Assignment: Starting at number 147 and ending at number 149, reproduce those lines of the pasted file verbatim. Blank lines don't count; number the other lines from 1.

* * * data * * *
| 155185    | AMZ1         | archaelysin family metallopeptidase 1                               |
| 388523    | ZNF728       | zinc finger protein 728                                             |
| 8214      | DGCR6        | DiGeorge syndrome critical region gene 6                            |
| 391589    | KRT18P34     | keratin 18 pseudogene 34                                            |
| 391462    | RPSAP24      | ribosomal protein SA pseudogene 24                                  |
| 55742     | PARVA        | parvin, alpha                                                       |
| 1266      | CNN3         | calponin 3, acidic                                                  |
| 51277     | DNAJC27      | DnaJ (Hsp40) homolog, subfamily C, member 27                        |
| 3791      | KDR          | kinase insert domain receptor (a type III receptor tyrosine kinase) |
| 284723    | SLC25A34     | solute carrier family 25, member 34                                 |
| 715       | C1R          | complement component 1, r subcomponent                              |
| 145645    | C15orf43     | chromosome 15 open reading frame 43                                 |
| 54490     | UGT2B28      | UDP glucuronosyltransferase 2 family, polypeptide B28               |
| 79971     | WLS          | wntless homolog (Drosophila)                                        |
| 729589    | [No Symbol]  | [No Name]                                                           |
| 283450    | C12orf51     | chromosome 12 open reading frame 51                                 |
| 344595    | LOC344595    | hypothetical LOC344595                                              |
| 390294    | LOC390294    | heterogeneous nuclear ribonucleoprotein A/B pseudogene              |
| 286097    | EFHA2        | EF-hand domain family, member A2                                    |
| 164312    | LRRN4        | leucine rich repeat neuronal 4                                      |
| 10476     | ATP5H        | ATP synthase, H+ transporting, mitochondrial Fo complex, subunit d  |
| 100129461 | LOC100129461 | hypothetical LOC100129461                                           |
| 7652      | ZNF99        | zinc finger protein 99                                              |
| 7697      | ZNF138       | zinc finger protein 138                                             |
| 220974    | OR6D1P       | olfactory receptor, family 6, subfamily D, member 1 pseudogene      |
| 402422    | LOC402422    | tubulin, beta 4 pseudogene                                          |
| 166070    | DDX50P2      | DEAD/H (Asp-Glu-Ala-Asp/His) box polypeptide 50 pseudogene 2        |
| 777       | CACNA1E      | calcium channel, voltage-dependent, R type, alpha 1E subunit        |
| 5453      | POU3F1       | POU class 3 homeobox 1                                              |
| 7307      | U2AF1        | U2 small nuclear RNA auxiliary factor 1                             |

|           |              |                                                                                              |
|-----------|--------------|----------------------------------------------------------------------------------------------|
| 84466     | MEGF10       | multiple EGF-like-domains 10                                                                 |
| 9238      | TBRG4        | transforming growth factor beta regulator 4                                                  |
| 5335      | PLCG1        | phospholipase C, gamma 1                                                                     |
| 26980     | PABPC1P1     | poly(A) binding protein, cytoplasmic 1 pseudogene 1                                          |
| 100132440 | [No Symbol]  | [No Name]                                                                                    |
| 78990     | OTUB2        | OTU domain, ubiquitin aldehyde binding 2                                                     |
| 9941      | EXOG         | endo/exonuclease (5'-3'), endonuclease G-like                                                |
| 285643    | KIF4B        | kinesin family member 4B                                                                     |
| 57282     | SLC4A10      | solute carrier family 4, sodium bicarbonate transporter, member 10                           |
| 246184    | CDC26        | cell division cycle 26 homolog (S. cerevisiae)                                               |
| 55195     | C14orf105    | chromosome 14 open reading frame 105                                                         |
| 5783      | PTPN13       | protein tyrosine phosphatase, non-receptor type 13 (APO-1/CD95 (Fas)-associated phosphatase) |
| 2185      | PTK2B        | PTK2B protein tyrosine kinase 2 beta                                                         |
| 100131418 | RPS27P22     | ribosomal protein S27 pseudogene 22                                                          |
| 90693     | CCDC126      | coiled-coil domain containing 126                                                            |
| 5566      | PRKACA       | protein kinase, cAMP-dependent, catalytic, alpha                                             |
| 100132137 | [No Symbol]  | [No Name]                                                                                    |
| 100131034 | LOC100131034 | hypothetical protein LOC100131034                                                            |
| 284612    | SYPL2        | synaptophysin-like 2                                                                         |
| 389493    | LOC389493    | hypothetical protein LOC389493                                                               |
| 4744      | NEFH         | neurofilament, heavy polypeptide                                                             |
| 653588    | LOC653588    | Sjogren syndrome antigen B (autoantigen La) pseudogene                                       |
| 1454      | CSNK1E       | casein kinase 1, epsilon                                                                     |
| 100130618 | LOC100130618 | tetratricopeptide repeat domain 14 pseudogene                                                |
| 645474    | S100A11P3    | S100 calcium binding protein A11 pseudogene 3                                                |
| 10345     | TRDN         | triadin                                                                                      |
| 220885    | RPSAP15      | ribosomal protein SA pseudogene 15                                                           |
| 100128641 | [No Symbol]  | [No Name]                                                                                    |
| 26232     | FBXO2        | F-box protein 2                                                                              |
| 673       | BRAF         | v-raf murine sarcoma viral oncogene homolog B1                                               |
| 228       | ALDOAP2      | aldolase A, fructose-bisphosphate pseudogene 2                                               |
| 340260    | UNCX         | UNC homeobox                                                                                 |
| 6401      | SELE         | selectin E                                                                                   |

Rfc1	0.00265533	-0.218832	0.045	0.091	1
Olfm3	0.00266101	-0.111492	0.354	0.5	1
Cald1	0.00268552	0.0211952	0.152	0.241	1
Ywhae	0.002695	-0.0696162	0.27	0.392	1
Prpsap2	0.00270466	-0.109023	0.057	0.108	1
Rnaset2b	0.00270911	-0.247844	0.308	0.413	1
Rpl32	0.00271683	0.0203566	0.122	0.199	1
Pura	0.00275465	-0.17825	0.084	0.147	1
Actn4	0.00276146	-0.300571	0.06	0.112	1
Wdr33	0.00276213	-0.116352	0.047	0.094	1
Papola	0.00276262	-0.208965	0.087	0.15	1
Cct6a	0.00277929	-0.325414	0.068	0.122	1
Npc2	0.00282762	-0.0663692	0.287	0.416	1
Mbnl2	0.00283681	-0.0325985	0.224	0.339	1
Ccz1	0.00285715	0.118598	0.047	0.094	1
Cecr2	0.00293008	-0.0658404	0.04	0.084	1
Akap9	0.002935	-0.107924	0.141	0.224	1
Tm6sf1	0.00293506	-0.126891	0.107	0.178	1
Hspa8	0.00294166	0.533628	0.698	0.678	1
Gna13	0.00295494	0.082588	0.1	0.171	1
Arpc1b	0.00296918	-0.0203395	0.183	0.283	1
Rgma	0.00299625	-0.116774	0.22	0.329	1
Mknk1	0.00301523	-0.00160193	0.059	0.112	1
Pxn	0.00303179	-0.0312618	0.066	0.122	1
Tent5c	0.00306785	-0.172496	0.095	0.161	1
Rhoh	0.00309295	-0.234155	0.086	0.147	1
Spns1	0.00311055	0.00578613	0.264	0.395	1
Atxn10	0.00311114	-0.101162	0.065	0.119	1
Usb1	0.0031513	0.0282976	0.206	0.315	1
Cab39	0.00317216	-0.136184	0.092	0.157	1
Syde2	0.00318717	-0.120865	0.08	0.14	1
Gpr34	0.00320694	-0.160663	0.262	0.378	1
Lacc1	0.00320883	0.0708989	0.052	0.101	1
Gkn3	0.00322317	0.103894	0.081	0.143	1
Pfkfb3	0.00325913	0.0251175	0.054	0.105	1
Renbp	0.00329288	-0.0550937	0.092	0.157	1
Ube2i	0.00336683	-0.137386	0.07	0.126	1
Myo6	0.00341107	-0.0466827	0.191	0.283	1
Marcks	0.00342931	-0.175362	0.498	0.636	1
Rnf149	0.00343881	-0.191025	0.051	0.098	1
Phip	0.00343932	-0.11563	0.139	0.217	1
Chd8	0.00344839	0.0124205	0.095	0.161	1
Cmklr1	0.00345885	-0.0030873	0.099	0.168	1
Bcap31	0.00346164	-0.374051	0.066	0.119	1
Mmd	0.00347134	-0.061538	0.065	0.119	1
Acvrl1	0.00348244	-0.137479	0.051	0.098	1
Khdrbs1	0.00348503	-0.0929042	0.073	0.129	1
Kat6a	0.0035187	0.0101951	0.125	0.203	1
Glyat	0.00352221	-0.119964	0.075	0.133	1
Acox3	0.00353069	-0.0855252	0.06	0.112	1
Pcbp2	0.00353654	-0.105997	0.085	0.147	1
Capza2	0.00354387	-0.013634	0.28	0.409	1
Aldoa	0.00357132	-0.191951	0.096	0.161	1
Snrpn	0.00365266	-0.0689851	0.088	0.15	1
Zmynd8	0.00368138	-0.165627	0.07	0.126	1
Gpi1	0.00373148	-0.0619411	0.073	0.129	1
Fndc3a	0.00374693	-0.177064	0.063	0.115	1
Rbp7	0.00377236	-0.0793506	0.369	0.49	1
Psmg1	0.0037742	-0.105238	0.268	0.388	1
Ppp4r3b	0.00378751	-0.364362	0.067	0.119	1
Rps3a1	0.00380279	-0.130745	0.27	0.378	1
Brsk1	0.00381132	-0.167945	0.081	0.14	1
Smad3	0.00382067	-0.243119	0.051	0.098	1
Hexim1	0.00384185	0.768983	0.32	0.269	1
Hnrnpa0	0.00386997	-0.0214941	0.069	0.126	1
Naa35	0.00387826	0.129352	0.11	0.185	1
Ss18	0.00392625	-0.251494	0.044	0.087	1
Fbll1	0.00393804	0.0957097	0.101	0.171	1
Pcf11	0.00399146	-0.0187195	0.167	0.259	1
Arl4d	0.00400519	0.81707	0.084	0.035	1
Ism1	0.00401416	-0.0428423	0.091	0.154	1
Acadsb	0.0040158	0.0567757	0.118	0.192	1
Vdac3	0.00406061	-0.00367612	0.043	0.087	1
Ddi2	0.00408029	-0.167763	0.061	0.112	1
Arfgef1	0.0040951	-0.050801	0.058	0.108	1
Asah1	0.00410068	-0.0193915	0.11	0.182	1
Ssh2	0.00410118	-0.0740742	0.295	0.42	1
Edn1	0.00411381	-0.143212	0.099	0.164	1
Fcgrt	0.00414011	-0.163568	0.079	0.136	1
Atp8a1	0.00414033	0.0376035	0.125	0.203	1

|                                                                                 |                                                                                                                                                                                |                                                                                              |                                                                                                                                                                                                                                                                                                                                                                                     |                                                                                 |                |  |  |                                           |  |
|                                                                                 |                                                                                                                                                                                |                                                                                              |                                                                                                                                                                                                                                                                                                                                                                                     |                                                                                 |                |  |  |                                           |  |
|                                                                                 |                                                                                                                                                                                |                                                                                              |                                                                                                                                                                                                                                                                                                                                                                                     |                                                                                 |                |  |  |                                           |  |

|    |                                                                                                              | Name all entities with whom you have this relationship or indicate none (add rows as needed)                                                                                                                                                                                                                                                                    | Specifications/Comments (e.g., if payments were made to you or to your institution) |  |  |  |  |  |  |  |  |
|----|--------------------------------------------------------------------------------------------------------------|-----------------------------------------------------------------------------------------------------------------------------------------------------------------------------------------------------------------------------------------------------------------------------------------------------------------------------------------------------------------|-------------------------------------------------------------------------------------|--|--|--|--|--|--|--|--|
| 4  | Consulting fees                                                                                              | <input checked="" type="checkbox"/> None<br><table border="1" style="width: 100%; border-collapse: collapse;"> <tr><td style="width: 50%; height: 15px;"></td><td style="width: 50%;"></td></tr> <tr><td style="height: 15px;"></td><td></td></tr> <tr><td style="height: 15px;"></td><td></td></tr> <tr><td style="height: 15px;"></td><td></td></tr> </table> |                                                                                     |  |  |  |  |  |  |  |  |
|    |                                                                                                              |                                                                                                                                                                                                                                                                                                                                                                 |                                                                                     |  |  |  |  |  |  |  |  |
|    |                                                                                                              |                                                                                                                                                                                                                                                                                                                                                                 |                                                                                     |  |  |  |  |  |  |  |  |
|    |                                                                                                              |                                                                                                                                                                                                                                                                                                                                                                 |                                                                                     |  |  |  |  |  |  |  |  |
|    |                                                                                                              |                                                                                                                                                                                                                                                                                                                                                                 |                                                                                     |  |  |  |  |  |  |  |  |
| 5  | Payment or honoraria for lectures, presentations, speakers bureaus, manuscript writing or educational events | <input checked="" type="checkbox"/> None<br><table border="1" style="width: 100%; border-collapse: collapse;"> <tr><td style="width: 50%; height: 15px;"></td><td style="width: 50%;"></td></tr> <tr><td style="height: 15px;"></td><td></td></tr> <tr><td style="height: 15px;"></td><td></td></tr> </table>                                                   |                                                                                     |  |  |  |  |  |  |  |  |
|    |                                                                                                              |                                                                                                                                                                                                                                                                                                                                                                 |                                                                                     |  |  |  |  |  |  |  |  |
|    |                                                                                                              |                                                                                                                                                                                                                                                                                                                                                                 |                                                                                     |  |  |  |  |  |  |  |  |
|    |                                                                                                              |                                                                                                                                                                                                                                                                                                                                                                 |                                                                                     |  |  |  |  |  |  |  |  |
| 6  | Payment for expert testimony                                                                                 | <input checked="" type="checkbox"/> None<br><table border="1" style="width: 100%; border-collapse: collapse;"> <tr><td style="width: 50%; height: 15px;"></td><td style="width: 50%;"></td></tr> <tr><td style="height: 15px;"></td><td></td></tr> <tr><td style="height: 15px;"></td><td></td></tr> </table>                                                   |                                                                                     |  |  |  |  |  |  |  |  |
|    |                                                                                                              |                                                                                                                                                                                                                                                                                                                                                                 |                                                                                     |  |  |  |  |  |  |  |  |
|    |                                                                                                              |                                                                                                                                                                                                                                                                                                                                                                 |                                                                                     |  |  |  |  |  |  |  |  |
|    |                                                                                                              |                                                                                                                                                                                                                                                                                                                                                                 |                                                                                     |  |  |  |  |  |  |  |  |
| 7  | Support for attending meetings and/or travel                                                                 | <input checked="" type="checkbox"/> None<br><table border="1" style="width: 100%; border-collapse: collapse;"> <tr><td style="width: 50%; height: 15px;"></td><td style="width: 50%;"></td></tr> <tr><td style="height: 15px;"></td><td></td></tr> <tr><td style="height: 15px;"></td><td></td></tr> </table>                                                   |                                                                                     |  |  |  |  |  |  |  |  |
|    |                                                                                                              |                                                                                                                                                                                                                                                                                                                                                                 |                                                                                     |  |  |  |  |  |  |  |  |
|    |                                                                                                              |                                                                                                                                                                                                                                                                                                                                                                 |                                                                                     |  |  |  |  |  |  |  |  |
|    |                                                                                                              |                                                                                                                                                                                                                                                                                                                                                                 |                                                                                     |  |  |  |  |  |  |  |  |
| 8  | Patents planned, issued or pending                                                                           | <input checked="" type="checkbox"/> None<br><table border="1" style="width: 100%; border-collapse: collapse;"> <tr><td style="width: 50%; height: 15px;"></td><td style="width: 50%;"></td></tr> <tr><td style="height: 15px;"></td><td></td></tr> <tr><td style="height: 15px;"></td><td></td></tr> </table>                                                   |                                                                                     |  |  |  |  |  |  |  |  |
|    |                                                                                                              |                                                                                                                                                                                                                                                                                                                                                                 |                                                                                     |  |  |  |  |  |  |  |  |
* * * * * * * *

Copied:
|                                                                                 |                                                                                                                                                                                |                                                                                              |                                                                                                                                                                                                                                                                                                                                                                                     |                                                                                 |                |  |  |                                           |  |
|                                                                                 |                                                                                                                                                                                |                                                                                              |                                                                                                                                                                                                                                                                                                                                                                                     |                                                                                 |                |  |  |                                           |  |

|    |                                                                                                              | Name all entities with whom you have this relationship or indicate none (add rows as needed)                                                                                                                                                                                                                                                                    | Specifications/Comments (e.g., if payments were made to you or to your institution) |  |  |  |  |  |  |  |  |